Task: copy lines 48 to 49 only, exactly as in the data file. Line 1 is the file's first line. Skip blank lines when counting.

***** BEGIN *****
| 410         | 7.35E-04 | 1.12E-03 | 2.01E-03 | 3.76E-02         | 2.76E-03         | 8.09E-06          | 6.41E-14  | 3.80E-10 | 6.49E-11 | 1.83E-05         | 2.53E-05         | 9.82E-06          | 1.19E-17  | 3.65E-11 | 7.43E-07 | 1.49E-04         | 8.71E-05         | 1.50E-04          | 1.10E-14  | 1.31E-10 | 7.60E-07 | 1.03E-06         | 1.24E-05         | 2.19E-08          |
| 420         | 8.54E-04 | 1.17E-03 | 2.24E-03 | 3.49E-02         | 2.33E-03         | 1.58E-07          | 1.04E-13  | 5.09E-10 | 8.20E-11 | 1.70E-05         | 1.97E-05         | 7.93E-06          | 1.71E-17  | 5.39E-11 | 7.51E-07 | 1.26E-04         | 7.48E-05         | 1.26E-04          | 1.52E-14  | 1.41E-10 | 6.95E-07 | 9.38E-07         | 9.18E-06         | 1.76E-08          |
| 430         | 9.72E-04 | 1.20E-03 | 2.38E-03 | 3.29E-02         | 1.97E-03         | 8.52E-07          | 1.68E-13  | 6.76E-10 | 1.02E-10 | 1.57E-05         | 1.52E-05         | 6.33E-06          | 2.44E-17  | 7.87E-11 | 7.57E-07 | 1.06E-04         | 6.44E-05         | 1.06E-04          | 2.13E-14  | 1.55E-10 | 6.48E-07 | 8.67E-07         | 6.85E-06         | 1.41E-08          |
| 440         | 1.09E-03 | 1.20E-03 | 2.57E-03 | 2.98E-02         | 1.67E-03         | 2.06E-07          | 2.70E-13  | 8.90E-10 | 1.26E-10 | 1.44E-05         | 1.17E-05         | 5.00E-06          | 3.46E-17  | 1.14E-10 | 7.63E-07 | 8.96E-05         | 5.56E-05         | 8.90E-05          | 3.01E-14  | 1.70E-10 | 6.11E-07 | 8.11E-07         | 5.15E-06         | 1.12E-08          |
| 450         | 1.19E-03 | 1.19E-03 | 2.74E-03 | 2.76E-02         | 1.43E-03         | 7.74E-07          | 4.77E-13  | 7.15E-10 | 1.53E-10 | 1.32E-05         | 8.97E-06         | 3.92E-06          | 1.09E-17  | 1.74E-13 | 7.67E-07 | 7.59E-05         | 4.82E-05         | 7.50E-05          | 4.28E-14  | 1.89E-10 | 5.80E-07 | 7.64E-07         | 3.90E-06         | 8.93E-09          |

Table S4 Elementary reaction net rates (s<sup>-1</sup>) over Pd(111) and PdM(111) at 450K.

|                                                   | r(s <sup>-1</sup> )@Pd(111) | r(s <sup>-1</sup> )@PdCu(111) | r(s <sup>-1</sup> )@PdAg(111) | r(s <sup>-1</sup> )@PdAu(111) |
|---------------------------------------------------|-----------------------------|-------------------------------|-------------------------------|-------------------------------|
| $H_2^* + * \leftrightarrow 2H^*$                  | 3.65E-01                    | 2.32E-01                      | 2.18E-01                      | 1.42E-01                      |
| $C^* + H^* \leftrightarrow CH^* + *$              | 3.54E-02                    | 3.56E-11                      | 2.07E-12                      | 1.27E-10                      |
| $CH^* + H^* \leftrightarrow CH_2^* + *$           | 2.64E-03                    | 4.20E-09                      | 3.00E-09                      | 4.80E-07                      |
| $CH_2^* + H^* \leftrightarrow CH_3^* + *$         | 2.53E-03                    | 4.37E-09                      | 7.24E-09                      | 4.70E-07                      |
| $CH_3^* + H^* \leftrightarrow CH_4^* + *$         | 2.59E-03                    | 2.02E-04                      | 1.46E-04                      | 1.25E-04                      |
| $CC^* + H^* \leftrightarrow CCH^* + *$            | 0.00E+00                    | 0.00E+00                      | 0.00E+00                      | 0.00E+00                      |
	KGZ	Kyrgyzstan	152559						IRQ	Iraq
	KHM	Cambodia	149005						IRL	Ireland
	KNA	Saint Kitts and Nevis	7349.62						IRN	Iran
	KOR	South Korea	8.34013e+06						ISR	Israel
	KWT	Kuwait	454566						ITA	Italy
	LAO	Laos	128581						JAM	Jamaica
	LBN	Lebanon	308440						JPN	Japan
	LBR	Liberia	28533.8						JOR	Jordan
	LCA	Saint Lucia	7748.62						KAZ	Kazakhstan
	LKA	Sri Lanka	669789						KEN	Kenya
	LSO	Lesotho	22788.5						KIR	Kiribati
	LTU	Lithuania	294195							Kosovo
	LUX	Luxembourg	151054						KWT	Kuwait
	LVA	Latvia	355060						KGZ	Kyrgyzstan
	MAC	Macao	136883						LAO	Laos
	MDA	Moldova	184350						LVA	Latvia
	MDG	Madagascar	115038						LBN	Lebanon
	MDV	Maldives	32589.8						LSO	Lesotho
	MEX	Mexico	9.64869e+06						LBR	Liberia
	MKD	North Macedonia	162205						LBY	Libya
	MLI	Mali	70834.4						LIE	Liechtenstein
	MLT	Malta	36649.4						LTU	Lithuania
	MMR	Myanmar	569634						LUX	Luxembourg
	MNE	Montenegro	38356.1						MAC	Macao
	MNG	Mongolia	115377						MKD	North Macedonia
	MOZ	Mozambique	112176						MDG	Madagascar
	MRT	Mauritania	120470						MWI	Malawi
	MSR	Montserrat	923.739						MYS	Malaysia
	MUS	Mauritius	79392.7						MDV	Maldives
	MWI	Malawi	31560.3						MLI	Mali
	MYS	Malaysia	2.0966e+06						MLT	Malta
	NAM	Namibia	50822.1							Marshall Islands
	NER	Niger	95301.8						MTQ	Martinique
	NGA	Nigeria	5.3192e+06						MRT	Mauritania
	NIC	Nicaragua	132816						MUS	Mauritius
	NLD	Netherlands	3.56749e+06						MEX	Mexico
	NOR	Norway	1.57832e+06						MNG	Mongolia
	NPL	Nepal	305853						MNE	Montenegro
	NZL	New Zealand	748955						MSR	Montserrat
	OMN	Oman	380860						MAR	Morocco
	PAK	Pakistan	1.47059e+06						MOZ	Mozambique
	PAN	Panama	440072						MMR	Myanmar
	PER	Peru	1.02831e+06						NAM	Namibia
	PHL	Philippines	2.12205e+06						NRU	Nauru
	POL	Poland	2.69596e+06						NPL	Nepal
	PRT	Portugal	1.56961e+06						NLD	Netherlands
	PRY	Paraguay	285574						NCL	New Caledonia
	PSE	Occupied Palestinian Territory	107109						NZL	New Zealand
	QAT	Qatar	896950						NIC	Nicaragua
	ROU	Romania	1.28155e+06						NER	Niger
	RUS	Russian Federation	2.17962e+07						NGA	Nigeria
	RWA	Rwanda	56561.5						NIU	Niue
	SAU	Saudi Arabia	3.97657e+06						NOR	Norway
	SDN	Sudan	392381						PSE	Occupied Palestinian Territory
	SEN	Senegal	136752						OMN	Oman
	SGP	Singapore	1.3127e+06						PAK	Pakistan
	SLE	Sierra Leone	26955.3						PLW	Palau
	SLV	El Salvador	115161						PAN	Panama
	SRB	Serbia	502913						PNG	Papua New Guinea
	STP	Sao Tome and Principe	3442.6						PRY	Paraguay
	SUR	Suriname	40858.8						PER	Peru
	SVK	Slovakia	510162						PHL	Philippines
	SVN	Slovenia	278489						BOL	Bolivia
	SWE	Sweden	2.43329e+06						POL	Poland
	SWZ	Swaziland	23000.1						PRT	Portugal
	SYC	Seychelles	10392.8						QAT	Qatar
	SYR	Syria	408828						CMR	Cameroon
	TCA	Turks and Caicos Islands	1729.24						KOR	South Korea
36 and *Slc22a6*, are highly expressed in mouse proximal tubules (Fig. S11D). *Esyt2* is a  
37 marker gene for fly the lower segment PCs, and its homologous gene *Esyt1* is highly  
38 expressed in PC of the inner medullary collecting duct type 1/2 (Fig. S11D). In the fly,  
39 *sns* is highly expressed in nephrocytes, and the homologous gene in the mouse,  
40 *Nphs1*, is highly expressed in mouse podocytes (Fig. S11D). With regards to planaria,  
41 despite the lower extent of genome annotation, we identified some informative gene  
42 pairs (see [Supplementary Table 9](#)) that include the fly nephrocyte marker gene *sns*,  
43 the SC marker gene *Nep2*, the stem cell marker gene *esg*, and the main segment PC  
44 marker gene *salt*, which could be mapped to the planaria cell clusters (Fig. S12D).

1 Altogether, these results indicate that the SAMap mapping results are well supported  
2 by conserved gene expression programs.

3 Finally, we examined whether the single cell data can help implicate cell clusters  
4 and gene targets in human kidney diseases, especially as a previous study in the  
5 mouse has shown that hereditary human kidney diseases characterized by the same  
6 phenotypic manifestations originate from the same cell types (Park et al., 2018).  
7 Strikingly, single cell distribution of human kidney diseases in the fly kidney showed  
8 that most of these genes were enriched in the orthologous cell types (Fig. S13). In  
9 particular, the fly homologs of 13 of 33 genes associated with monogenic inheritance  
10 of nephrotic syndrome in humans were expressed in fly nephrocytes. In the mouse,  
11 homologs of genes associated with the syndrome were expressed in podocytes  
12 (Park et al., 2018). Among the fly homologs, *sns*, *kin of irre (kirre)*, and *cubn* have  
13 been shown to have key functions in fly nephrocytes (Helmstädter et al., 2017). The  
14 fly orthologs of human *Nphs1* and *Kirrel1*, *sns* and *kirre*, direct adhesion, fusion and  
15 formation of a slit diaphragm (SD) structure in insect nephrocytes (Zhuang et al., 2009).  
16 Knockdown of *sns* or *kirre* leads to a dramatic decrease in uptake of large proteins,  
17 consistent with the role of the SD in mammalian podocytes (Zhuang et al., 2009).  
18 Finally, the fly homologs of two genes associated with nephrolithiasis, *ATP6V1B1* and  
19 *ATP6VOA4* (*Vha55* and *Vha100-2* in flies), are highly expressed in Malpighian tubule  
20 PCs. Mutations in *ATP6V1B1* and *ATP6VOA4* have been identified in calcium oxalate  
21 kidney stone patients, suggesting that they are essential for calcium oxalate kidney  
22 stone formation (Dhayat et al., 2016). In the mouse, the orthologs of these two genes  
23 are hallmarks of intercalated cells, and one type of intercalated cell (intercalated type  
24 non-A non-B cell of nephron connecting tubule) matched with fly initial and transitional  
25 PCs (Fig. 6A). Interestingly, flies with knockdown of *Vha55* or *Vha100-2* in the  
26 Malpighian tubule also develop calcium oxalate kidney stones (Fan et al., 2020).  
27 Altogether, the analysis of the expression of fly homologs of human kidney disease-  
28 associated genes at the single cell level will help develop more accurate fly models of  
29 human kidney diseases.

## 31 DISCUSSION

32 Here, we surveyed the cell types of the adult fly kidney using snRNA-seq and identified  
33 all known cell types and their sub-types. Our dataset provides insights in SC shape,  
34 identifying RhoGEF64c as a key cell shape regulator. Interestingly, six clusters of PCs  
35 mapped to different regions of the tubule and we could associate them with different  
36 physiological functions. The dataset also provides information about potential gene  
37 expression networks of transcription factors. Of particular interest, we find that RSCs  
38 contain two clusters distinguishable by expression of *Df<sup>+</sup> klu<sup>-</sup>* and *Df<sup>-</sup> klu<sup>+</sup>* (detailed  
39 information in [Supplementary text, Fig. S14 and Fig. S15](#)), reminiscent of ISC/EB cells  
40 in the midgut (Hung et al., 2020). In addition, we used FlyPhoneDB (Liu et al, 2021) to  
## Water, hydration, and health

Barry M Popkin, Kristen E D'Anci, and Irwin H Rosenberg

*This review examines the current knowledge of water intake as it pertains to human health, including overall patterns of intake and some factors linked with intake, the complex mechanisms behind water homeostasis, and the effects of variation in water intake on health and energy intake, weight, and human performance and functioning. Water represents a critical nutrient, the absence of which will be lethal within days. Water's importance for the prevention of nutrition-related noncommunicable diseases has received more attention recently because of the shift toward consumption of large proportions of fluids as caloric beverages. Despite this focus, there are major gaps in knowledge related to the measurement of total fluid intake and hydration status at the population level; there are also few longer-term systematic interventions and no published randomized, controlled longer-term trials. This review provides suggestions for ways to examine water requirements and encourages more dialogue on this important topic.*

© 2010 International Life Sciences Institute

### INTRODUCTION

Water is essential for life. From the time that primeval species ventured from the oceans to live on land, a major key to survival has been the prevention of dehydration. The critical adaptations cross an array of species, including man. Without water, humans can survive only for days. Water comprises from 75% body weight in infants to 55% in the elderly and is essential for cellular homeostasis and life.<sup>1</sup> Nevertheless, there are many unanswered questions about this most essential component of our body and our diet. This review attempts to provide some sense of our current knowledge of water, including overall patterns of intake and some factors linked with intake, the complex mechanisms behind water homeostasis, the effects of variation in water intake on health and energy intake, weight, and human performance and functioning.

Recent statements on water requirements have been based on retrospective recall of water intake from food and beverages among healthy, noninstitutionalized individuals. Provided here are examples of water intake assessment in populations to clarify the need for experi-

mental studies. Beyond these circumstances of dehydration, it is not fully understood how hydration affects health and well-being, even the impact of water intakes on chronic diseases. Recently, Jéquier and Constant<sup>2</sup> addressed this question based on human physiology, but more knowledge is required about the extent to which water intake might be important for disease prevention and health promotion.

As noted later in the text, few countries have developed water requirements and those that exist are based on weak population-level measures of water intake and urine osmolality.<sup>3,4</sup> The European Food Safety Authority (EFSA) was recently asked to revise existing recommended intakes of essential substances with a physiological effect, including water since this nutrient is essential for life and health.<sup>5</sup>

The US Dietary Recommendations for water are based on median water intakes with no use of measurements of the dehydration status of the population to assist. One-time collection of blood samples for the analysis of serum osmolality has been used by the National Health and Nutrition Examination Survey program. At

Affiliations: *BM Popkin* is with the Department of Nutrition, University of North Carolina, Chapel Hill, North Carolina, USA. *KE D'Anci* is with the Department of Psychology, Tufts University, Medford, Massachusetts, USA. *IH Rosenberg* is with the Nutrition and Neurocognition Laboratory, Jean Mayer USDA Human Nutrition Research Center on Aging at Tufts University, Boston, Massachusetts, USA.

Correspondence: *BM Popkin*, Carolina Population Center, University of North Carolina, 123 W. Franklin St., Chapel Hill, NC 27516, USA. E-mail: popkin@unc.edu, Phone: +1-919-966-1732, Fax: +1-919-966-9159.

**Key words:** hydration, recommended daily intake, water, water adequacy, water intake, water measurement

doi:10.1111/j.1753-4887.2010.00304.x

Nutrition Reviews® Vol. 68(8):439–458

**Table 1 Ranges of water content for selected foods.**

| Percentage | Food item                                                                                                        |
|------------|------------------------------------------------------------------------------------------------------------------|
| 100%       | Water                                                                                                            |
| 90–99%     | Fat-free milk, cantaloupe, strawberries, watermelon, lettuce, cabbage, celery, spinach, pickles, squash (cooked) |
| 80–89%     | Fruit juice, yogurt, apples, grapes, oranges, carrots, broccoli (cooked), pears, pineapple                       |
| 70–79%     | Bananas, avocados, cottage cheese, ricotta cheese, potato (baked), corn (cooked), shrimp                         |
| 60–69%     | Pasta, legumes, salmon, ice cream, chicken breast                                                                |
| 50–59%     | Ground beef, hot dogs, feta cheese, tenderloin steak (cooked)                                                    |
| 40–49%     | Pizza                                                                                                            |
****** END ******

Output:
	NGA	Nigeria	5.3192e+06						MRT	Mauritania
	NIC	Nicaragua	132816						MUS	Mauritius